What are CFO services?
A Chief Financial Officer (CFO) is one of the crucial resources that every competitive firm needs in order to reach the next level in its development. The multi-faceted, well-experienced and highly competent finance and accounting head is responsible for among other things:
More specific to the finance and accounting function, a CFO will oversee treasury and cash management, financial modeling, options and compensation plans, business performance and cash flow, partner/vendor management, Board of Directors management, investor communications, payroll, accounts payable and accounts receivable functions, and any activities tied to turnaround, restructurings and divestitures.
Accessing CFO Services
There are several models used to access CFOs as alternatives to hiring a full-time CFO. These include:
- CFO Advisory Services – Where a company enters into a consulting agreement for high-level strategy work.
- Interim CFO – Where a company hires an acting CFO while they look for a replacement
- Part-Time or Fractional CFO – A CFO contracts with the company and assists for a set number of hours per month or days per week.
CFO Fit: The Right CFO
What should you look for in a CFO?
Fit – While developing a rapport with the CEO and management team is a must, a good cultural fit with the rest of the team is important too. The CFO should have a “been there, done that” attitude, but also be creative and flexible enough to adapt to the team and its culture.
Experience – A CFO with years of experience working with similar companies can enhance the management team, provide credibility with your board and investors and generally raise the level of professionalism at the company. Experience with your specific industry is a plus.
Leadership – The CFO should be a natural leader and have the gravitas to slip into a leadership role, even on a part-time basis.
Can-Do – Small companies often don’t have the resources to provide a lot of support. So the CFO must have a can-do attitude and be willing to do what’s necessary to support the company.
CFO Services: Strategic Advisory
For those companies — typically startups and early-stage growth companies — that do not use a CFO and have used various bootstrapping tactics to fund operations, they may choose to seek strategic advice and executive counsel from a CFO until they get traction for their products and solutions.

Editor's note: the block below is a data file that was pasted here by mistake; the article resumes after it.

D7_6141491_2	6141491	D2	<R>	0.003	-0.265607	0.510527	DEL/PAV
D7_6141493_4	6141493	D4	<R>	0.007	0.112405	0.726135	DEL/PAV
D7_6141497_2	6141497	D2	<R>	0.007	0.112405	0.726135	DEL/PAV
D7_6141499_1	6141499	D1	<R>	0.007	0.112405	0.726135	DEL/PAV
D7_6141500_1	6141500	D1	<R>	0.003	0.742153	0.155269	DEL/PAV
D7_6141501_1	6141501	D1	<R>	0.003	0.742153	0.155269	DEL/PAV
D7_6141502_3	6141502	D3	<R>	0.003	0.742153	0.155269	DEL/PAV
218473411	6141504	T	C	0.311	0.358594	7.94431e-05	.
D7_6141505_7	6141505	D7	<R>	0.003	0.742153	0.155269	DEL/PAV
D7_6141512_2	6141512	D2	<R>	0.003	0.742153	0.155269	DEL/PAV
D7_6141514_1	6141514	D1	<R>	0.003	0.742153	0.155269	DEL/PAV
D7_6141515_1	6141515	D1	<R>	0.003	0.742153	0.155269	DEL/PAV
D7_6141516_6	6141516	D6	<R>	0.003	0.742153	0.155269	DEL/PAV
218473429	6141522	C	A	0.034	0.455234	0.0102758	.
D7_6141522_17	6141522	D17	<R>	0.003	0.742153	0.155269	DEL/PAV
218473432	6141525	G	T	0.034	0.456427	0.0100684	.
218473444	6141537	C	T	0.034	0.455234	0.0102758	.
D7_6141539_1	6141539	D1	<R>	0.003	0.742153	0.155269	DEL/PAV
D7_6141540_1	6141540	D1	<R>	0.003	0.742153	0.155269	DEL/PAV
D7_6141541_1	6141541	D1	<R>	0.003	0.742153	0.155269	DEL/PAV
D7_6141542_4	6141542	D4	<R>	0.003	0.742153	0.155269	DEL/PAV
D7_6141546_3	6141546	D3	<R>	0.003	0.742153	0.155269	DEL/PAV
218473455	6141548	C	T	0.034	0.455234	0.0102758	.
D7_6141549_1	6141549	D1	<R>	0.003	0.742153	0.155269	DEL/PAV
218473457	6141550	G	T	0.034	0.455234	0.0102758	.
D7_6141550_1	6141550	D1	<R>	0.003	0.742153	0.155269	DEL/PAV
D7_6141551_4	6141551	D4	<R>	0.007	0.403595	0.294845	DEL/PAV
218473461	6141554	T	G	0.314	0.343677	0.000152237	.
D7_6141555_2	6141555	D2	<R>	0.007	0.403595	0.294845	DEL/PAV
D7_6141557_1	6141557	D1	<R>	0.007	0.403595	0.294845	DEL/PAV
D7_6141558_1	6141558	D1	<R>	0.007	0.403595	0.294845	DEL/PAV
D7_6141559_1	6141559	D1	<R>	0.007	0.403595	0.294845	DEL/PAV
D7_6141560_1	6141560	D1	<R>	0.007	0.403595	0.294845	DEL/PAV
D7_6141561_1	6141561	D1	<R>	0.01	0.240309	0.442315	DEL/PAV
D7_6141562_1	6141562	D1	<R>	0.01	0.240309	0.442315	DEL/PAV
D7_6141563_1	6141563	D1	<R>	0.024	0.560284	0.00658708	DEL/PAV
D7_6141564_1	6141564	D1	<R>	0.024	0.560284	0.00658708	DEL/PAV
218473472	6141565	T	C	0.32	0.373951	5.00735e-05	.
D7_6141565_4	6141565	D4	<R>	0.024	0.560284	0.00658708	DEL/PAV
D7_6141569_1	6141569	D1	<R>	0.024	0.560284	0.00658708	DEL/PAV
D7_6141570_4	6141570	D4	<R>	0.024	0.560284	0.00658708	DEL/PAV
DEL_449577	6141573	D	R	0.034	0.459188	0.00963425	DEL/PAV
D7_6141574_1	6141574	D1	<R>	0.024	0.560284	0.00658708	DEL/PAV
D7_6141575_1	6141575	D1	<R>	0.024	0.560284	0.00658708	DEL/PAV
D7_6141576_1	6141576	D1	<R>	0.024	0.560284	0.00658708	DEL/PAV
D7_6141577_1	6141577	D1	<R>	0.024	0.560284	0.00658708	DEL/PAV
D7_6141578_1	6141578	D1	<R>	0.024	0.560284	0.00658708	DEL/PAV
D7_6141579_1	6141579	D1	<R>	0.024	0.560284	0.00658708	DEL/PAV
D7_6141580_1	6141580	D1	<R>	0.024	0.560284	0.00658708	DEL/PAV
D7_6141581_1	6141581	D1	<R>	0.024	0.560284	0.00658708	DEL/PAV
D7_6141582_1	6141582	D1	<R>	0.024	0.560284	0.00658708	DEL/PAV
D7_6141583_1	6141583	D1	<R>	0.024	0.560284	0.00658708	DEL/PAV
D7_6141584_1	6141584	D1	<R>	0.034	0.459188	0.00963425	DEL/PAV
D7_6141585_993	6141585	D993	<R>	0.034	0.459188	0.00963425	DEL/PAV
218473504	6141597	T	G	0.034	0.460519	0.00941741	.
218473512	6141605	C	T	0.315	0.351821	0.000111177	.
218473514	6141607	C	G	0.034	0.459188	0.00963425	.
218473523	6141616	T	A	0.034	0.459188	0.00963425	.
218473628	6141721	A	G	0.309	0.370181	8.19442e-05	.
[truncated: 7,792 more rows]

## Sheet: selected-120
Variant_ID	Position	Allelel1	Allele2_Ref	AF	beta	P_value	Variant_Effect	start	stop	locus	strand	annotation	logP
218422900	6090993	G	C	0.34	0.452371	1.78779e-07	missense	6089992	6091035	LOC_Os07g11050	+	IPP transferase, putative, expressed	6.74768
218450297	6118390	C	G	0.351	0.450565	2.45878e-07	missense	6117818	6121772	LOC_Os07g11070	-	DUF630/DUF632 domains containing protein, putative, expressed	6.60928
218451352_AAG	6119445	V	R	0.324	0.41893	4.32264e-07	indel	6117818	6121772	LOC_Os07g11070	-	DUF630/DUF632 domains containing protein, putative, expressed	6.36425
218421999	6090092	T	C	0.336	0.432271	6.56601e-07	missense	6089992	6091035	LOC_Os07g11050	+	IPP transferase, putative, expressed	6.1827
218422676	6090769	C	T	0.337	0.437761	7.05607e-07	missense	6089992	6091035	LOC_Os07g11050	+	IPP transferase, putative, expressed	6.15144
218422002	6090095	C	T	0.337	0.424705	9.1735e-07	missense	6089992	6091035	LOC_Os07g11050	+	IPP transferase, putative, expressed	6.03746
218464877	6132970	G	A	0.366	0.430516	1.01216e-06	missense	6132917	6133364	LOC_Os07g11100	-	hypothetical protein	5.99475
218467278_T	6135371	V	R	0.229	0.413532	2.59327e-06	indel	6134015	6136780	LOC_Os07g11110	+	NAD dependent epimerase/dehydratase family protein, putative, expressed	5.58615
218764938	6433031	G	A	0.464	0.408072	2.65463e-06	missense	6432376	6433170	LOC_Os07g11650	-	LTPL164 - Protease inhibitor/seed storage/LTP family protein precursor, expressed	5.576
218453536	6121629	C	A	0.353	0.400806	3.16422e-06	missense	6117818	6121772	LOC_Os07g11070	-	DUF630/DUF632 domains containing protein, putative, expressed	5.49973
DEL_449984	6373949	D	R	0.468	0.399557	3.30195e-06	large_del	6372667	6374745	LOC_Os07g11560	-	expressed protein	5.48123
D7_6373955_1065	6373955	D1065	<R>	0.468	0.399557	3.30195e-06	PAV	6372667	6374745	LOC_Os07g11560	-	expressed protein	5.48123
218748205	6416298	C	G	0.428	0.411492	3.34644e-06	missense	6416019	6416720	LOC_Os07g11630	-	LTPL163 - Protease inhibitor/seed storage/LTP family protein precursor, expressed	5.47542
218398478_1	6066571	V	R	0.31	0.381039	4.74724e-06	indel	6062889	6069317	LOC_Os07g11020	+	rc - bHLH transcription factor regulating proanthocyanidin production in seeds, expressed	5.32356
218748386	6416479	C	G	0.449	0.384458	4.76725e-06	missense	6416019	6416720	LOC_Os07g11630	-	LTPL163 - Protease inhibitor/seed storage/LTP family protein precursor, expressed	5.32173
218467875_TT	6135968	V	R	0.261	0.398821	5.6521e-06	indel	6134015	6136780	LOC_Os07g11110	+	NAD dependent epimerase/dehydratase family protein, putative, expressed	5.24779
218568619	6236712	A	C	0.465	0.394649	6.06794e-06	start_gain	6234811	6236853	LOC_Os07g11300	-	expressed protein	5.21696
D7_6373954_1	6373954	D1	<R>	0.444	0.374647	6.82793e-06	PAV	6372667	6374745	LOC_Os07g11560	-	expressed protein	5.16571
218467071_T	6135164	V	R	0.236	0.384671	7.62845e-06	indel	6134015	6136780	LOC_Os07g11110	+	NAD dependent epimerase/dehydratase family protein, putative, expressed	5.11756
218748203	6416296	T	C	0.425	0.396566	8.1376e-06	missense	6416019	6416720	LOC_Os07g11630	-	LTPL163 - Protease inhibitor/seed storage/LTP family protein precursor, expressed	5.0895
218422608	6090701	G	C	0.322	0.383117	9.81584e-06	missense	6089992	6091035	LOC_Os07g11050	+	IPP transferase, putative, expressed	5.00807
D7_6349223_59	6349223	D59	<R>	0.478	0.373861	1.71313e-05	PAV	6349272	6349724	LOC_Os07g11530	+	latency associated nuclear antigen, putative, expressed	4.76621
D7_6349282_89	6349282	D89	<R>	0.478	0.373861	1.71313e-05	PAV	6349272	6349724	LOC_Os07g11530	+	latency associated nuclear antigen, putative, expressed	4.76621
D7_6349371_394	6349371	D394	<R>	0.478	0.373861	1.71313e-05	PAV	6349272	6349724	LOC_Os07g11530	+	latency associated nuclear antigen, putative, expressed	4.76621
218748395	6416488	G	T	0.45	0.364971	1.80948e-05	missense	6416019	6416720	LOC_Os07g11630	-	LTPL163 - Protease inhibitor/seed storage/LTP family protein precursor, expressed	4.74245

Make or Break Moments
Many entrepreneurs have learned to treat each investment as if it will be their last. They scrap and save and hold off on hiring in order to extend the runway and give themselves the best chance possible to develop and sell their product.
But there comes a time in a successful company’s lifecycle where the opportunity opens up and the team must flick the switch from conservative to aggressive.
This is the “make-or-break moment” and not many companies get it right. The decision has to be made and communicated to the entire company. A good CFO strategic advisor will help to identify when resources need to be allocated to take advantage of the opportunity whether it’s by investing in people, marketing, sales or the next generation product. Being able to identify when that window of opportunity opens and taking advantage is the difference between a great company and a merely good one.
Delay hiring a CFO
Startup companies are well suited to follow a familiar mantra: “Don’t invest in G&A costs until you prove you can:
- Build your product and
- Sell it.
In other words, use your scarce resources to prove the product concept and establish that you have a market.
As a result, more companies are delaying hiring staff and support functions, such as a CFO, and taking advantage of advisory, part-time or project-based professionals with deep experience and expertise.
In the case of TechCXO partners, our finance professionals have often worked for dozens of companies over their careers and have seen and done just about everything that a startup will require.
Five (5) Blind Spots
Many venture-backed companies or newly formed companies seeking to obtain venture financing are hyper focused on their products but often have a blind spot regarding financial matters.
Others simply don’t want to grapple with things like 409a valuations, revenue recognition, collections or sales taxes. Still other companies consider finance to be of secondary importance and believe they can fix things after they have built and launched their products.
In many cases, the end result is disarray in the finance function which can delay or prevent a company from raising money or doing a deal – or from being as successful as they had hoped.
The reality is that a little planning goes a long way and does not create a distraction for the management team or cost a lot of money to intelligently build the financial foundation for growth. The following are the five most common mistakes that companies make when it comes to building their finance function.